Skull and Crossbones is a Lasting Symbol
The skull and crossbones is one of the most universally known symbols. It is a symbol of death, it tells you to stay away, in many ways it is a warning. But where did the symbol start? How has the meaning changed over all of these years? Why does it seem that the skull and crossbones is more popular now than it ever has been.
Where did the symbol begin?
It is hard to imagine just were such a widely adopted symbol comes from, or who was the first to "design" the symbol. This is one such symbol. Skulls and bones have been used for thousands of years. The Etruscans used skulls and bones as symbols to tell a store of life and death. The Mayans also showed the symbols in their art and sculpture. But this is not where the symbol really became popular.
The symbol was places along the entrances of graveyards and on tombstones. This symbolized a feeling of the Middle Ages known as "Momento Mori". This was also called the dance with death. We are mortal and must remember that so we can really live.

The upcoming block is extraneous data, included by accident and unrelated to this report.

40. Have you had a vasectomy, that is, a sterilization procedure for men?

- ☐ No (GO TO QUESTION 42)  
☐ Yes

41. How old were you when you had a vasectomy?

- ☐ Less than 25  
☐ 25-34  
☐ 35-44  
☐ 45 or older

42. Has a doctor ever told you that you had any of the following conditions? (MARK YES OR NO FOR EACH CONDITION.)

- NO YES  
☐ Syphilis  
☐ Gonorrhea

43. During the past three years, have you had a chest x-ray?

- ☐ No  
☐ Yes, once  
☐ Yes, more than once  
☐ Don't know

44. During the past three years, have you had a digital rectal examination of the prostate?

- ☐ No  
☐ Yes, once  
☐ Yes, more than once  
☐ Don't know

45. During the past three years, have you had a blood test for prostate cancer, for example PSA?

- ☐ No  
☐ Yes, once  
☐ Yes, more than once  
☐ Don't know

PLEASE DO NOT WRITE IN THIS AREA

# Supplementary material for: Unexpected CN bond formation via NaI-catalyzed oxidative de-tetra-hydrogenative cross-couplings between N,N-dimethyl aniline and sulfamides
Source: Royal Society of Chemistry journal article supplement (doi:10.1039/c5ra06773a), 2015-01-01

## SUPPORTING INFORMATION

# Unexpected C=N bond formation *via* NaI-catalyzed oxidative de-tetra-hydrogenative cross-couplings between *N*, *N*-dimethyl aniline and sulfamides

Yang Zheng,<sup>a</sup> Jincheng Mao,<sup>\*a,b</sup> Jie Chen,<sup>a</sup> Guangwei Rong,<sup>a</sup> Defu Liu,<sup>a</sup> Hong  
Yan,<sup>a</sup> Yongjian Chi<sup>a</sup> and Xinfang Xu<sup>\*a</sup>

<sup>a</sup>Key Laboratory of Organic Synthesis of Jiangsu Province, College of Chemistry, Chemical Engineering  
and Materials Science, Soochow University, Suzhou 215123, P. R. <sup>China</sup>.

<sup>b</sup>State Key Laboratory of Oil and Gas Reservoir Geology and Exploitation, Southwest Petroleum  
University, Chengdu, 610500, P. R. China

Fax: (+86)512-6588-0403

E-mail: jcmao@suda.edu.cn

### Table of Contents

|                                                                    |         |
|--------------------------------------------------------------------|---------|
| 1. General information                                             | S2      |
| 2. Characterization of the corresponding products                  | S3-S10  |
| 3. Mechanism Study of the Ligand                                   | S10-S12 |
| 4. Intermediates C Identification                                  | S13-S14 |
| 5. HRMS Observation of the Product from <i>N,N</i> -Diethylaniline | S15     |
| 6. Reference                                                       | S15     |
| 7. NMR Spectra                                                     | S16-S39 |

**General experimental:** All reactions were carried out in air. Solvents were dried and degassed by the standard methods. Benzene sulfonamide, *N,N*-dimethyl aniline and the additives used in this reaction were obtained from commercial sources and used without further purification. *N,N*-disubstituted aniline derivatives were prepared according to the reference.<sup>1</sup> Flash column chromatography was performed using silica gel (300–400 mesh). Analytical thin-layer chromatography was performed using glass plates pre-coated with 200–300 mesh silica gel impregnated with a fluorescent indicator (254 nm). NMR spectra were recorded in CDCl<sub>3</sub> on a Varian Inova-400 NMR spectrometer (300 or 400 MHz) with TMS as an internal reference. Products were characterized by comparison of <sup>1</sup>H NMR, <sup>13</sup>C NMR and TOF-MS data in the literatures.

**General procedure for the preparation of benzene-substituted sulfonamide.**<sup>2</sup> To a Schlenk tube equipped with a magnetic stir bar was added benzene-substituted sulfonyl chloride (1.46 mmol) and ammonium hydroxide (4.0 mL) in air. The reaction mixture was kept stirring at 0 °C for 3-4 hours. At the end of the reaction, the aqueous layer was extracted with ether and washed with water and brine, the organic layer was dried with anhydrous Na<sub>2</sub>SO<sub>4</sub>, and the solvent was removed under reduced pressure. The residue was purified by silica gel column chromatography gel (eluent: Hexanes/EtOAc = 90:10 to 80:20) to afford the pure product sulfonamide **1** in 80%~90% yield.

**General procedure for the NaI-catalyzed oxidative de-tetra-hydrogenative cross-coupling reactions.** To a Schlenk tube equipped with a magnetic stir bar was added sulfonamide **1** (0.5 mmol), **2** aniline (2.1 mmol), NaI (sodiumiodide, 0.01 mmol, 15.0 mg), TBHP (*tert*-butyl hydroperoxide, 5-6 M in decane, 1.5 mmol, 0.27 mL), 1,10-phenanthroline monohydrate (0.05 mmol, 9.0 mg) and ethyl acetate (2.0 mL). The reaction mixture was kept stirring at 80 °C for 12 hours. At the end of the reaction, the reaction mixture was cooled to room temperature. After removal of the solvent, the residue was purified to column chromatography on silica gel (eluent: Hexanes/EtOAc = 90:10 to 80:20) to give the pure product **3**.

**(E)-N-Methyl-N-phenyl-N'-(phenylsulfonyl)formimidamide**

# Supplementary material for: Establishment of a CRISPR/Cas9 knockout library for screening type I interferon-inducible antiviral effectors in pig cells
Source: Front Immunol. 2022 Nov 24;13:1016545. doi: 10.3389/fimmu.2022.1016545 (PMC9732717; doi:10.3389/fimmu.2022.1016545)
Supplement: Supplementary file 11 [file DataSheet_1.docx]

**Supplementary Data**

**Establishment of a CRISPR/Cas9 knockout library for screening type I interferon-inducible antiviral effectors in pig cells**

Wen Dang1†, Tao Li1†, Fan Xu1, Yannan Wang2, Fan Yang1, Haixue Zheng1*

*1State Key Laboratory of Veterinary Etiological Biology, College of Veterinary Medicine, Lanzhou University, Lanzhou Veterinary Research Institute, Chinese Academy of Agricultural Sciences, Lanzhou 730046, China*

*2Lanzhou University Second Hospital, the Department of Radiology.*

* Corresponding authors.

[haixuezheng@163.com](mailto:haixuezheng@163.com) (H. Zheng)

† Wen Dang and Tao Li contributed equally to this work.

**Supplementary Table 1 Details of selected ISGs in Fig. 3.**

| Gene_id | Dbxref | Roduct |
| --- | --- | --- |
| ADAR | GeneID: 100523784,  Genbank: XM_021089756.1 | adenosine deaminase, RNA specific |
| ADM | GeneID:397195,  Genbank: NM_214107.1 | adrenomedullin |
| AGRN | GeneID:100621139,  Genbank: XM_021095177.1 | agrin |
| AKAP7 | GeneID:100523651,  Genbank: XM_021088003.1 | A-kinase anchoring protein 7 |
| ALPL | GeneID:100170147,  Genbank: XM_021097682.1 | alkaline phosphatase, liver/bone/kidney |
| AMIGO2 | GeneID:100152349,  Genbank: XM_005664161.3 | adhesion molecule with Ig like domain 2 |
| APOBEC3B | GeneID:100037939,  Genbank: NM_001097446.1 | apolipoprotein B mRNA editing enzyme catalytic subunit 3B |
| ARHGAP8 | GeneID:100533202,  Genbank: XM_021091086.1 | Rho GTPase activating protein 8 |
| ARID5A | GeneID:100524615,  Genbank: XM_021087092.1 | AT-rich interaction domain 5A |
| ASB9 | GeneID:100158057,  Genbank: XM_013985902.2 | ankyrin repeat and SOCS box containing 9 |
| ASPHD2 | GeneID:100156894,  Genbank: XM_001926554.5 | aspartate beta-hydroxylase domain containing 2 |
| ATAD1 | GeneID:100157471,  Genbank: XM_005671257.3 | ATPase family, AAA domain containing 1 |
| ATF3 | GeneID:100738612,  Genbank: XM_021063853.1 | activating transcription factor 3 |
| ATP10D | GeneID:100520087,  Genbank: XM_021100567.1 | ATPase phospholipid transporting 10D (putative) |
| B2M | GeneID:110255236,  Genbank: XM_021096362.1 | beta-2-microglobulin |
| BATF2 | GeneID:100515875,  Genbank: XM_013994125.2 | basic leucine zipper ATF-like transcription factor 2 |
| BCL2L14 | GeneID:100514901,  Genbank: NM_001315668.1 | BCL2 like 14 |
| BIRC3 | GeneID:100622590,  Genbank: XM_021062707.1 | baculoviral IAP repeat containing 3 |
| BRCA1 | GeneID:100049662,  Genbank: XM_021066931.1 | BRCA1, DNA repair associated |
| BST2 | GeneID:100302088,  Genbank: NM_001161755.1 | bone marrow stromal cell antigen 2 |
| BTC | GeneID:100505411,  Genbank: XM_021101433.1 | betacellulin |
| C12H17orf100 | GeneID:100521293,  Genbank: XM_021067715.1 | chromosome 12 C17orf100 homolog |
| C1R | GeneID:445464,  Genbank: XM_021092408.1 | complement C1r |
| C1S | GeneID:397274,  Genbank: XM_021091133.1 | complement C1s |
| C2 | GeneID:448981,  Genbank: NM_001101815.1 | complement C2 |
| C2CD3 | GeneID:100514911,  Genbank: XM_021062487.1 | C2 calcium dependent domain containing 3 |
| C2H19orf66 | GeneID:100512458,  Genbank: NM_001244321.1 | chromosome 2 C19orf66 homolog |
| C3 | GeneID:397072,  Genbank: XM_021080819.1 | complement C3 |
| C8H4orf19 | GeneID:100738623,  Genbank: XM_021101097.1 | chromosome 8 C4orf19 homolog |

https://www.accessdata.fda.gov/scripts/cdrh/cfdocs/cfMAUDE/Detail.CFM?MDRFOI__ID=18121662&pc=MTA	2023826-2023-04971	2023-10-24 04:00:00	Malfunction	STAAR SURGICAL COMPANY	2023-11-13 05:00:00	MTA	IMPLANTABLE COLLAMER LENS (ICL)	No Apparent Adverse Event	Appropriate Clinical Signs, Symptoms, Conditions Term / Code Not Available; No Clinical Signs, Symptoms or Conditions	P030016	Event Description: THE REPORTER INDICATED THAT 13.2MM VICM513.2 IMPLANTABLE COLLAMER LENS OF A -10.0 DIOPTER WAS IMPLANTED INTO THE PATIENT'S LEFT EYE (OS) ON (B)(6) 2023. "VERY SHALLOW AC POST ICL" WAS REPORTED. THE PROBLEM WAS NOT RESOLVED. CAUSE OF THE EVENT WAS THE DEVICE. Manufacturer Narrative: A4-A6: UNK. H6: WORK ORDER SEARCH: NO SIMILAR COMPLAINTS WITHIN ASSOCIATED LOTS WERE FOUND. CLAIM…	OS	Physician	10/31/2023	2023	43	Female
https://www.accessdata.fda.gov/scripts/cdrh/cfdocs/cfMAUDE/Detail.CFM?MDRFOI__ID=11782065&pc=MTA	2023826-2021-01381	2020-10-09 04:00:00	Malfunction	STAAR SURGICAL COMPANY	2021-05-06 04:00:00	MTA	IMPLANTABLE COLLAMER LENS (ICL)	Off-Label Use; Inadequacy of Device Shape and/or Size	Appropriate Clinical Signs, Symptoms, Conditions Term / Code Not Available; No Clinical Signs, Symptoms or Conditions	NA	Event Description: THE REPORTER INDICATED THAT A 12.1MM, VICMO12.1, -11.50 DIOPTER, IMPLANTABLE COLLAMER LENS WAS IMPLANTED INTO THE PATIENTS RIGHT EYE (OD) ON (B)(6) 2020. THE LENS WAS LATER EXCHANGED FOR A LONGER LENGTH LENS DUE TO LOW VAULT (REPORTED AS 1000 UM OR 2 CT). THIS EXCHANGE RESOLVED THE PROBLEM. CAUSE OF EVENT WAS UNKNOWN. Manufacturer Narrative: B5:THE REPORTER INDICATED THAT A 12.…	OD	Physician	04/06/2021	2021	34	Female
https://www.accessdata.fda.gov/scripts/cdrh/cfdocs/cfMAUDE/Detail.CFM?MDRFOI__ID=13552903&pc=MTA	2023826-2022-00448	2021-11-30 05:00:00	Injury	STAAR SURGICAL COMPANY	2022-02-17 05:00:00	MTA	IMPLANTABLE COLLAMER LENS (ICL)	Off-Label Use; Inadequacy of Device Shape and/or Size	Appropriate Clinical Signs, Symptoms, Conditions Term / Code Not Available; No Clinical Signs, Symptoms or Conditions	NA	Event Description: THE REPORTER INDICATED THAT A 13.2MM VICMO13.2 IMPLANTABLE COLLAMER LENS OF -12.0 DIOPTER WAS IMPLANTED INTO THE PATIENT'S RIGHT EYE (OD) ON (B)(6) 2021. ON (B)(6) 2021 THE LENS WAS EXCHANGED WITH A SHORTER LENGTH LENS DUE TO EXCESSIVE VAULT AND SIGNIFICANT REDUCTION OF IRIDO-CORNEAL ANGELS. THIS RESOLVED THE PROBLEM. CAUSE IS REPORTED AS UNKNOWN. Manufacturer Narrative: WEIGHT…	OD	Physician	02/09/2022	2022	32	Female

Skull and Crossbones
From that the symbol started to branch out. What was once supposed to be a reminder of life and rebirth became associated to danger. The most popular use of the symbol is during the age of exploration and it's use by pirates. Pirates adopted this symbol to strike fear into their prey. The symbol became the Jolly Roger.
Fear and Warning
The symbol went from living your life and prepare for rebirth to death and fear. The skull and crossbones now means piracy, fear, warning and poison. The symbol is also used by secret societies and military branches.
I use the skull in artwork a lot. So much so, I felt the need to write this blog post. To me the skull and crossbones means what it originally meant, to live life to the fullest.